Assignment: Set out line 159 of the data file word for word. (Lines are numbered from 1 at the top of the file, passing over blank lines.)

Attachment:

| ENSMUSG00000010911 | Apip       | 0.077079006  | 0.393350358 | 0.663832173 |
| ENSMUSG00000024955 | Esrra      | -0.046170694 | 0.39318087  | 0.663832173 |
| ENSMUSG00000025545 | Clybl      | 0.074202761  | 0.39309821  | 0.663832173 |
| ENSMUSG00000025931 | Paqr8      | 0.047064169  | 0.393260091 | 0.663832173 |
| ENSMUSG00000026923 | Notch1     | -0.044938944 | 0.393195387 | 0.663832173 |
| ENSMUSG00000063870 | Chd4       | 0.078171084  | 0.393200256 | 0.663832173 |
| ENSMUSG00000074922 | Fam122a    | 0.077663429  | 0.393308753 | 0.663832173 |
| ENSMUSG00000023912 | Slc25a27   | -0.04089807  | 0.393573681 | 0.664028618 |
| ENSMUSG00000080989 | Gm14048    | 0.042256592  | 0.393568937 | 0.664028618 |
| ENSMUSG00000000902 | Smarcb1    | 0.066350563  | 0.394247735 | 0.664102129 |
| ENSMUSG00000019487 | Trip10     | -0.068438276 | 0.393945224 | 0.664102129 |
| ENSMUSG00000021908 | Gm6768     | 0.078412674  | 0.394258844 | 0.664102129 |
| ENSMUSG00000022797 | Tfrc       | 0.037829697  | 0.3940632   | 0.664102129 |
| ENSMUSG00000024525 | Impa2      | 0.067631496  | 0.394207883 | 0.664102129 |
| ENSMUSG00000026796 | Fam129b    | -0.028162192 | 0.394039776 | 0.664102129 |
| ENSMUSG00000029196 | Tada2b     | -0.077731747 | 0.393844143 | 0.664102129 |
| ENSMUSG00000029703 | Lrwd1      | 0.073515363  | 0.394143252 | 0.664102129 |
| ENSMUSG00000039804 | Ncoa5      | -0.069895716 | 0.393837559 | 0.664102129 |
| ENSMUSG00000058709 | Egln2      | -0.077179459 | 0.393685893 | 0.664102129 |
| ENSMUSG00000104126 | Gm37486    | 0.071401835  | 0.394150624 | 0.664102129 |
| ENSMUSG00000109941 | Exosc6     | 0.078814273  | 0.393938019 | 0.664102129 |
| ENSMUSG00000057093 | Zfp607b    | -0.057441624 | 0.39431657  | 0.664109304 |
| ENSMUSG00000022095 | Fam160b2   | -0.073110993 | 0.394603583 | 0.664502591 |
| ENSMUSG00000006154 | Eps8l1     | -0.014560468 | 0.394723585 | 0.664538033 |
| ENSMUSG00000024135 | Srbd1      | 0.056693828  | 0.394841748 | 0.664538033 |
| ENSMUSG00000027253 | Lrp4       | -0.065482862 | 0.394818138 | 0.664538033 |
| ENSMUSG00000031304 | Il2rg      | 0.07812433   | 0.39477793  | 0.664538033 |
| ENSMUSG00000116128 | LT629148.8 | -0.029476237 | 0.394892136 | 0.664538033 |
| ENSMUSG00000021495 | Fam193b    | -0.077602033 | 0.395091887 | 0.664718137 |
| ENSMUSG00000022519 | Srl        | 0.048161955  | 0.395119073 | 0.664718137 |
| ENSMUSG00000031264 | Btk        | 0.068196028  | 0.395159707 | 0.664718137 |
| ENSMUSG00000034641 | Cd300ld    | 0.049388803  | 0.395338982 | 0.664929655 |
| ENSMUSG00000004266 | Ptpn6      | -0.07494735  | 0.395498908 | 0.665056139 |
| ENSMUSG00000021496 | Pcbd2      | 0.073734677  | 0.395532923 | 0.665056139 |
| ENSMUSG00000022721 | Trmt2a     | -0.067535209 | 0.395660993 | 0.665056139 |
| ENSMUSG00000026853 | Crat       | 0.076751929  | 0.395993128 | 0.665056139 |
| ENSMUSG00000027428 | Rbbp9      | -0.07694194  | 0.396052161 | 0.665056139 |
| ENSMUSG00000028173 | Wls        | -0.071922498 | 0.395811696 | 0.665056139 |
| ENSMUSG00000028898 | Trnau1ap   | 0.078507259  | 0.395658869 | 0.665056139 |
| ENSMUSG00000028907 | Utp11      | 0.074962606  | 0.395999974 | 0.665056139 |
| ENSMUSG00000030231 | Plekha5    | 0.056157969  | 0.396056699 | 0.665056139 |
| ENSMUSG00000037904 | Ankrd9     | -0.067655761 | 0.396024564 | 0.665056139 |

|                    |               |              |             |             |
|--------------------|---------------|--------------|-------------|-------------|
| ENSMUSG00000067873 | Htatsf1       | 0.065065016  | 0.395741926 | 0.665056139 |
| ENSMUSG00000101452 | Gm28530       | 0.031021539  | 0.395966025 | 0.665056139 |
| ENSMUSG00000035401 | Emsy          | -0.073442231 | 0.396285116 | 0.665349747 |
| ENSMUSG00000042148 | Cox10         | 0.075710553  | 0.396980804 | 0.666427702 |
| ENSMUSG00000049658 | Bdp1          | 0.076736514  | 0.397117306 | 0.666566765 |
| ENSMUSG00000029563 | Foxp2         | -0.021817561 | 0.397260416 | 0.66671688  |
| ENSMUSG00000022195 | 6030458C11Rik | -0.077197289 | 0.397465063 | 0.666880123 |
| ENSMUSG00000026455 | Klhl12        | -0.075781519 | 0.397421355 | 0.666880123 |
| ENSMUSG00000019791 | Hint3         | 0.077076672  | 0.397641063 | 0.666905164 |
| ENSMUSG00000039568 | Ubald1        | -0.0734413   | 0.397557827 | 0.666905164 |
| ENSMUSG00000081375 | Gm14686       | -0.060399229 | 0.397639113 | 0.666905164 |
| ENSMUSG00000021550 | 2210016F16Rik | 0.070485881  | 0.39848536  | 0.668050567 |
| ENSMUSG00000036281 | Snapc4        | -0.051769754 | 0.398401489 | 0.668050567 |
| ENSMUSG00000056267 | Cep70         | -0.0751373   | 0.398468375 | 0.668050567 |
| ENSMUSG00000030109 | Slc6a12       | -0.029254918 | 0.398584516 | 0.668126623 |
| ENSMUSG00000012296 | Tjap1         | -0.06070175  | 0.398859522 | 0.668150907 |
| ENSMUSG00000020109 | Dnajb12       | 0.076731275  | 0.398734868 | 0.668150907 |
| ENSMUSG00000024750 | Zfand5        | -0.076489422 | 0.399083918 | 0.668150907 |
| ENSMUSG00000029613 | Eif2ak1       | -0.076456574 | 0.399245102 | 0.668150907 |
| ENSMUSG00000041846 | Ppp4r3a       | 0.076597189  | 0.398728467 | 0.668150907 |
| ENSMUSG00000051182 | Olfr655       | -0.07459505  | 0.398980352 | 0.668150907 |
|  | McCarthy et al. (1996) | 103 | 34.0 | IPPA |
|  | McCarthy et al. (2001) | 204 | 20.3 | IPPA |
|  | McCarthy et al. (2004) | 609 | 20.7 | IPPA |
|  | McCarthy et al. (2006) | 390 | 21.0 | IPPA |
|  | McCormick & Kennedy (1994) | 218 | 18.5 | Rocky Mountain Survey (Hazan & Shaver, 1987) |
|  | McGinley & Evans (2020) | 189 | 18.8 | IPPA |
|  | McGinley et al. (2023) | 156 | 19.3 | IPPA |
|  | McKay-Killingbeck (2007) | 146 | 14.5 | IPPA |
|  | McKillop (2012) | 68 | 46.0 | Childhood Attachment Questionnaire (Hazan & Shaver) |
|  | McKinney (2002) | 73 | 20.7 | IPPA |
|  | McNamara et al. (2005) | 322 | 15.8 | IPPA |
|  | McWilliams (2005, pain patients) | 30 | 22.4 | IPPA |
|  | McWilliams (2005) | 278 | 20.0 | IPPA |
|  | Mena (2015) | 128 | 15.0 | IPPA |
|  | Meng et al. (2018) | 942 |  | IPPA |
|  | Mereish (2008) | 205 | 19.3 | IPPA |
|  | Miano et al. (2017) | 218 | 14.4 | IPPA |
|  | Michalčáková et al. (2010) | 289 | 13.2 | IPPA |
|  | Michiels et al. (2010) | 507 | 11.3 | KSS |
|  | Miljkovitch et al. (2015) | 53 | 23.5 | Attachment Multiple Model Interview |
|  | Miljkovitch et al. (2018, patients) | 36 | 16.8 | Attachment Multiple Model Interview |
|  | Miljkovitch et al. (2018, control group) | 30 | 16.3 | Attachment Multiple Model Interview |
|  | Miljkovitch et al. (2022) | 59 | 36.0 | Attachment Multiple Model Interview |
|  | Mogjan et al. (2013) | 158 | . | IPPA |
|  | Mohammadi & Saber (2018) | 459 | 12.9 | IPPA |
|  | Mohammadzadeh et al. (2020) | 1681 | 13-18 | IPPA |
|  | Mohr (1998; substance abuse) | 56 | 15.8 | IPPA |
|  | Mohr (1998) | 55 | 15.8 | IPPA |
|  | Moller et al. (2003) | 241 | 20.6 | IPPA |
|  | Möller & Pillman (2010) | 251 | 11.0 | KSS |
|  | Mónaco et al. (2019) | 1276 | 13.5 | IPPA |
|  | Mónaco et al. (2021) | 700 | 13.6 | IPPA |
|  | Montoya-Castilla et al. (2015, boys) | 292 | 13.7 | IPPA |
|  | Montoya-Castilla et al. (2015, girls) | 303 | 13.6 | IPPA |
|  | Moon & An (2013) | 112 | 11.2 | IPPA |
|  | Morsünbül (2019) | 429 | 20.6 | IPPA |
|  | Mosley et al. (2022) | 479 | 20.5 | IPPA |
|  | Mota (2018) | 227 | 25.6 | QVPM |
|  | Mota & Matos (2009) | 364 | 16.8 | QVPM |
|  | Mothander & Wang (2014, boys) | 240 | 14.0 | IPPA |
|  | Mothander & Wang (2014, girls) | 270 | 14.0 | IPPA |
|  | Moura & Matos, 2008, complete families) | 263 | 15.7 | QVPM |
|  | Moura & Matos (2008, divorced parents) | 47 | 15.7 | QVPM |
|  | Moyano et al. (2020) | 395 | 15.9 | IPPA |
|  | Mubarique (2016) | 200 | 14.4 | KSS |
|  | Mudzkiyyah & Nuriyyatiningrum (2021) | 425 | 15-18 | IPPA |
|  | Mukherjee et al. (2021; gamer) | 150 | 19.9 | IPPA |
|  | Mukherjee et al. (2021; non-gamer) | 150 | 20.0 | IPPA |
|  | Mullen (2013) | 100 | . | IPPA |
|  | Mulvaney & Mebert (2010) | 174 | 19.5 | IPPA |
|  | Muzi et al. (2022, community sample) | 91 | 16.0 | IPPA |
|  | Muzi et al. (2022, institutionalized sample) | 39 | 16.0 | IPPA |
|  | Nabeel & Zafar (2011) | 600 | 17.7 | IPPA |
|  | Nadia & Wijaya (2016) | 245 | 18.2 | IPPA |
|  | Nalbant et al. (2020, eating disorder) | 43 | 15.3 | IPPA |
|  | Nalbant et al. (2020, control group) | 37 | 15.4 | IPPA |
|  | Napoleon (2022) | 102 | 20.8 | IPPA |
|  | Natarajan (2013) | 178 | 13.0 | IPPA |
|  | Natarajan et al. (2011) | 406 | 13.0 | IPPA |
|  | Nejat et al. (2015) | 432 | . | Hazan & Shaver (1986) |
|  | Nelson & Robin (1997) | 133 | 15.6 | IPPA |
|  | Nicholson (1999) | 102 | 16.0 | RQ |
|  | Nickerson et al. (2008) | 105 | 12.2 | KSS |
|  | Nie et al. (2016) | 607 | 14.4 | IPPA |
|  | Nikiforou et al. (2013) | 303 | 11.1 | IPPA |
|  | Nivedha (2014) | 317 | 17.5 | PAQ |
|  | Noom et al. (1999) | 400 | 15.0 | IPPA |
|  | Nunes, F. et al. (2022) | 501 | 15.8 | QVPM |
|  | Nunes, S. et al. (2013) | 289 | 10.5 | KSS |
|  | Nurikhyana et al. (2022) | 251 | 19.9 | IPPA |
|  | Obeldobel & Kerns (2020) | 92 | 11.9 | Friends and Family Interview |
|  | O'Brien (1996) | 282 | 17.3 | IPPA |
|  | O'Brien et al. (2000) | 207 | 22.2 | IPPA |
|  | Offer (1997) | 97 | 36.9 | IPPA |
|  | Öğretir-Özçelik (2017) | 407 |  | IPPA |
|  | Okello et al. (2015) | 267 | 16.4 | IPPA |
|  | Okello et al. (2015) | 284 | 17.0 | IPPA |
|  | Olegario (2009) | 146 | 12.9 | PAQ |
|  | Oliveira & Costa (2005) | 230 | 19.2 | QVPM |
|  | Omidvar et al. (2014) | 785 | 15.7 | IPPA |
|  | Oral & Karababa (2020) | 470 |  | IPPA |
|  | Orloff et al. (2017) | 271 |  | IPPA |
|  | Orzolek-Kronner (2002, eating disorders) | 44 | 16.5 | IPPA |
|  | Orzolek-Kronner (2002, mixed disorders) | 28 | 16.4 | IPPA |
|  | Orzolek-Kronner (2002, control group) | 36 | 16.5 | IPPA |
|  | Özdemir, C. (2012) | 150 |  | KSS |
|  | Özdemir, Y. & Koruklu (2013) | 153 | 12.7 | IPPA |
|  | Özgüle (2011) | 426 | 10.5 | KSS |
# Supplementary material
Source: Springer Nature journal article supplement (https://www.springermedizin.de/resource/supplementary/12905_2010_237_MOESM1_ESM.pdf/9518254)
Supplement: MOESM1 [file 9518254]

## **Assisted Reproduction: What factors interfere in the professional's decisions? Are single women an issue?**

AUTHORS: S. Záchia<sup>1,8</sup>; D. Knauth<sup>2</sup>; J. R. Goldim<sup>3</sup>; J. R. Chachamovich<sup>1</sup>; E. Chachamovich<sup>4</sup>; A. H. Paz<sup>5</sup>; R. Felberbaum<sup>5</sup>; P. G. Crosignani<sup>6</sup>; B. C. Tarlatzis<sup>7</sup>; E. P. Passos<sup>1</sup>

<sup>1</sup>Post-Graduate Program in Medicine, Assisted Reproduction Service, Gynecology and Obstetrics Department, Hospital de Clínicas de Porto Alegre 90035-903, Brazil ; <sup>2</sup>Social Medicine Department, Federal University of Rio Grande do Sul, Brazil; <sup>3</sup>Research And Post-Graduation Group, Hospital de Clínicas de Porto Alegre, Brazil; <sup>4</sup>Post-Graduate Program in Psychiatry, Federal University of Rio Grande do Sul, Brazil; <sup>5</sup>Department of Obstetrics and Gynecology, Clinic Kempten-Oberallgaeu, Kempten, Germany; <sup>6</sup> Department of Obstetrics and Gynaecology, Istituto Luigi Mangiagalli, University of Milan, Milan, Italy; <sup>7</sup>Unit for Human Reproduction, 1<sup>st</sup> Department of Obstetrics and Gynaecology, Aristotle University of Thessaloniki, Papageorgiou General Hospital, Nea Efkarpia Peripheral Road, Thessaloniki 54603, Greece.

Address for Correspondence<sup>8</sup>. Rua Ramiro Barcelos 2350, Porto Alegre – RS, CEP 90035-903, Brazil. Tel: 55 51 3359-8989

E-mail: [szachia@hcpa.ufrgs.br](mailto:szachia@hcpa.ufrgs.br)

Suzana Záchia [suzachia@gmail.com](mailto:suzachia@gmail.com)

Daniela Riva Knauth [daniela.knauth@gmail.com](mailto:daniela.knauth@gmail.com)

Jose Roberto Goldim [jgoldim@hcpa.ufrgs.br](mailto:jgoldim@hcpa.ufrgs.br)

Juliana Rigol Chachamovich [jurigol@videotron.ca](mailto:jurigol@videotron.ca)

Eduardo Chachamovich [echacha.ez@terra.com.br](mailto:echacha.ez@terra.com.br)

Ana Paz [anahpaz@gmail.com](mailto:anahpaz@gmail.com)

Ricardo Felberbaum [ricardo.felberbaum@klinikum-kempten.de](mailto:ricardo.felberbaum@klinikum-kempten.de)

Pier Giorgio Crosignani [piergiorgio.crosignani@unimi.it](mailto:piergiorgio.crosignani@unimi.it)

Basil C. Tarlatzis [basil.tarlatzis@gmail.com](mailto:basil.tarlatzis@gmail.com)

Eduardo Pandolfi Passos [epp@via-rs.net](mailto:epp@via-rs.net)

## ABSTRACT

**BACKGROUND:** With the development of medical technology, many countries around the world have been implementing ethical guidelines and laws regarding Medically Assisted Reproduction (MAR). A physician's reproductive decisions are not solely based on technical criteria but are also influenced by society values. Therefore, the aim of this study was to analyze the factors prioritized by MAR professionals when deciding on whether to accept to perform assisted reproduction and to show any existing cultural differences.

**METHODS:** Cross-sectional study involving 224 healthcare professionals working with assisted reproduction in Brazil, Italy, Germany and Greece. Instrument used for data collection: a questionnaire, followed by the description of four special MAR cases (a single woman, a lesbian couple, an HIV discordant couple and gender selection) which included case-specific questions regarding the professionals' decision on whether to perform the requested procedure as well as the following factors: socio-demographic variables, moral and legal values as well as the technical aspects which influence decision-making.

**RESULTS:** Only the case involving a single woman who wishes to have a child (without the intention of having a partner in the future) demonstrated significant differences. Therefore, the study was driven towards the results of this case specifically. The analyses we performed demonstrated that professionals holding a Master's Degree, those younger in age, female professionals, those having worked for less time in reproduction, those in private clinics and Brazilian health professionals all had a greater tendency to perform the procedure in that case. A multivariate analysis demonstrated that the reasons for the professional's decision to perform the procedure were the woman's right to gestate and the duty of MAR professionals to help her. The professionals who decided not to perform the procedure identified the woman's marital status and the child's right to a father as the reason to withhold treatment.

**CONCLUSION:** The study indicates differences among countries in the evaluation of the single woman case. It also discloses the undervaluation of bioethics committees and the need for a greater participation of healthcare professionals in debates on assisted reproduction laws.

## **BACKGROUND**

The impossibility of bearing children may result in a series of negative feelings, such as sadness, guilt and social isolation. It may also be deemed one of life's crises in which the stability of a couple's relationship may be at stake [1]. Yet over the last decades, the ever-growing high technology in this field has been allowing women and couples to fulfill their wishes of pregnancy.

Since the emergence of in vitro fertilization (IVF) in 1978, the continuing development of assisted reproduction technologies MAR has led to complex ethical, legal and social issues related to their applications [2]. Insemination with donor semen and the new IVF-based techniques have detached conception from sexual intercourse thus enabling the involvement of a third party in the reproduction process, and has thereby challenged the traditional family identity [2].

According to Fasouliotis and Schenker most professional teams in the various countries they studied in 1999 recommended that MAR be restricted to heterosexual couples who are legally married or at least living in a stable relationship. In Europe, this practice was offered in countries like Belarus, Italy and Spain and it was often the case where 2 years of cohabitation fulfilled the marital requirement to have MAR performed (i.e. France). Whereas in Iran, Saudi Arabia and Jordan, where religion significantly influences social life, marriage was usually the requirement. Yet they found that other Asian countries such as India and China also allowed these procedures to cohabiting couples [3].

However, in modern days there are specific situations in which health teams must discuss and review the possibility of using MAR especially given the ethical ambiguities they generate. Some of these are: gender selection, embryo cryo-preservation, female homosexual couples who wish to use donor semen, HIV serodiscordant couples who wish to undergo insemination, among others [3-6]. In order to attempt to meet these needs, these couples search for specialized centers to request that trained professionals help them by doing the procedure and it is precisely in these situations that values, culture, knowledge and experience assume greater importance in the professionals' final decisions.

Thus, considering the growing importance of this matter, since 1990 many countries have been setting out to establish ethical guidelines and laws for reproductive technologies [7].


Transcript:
<sup>1</sup>Post-Graduate Program in Medicine, Assisted Reproduction Service, Gynecology and Obstetrics Department, Hospital de Clínicas de Porto Alegre 90035-903, Brazil ; <sup>2</sup>Social Medicine Department, Federal University of Rio Grande do Sul, Brazil; <sup>3</sup>Research And Post-Graduation Group, Hospital de Clínicas de Porto Alegre, Brazil; <sup>4</sup>Post-Graduate Program in Psychiatry, Federal University of Rio Grande do Sul, Brazil; <sup>5</sup>Department of Obstetrics and Gynecology, Clinic Kempten-Oberallgaeu, Kempten, Germany; <sup>6</sup> Department of Obstetrics and Gynaecology, Istituto Luigi Mangiagalli, University of Milan, Milan, Italy; <sup>7</sup>Unit for Human Reproduction, 1<sup>st</sup> Department of Obstetrics and Gynaecology, Aristotle University of Thessaloniki, Papageorgiou General Hospital, Nea Efkarpia Peripheral Road, Thessaloniki 54603, Greece.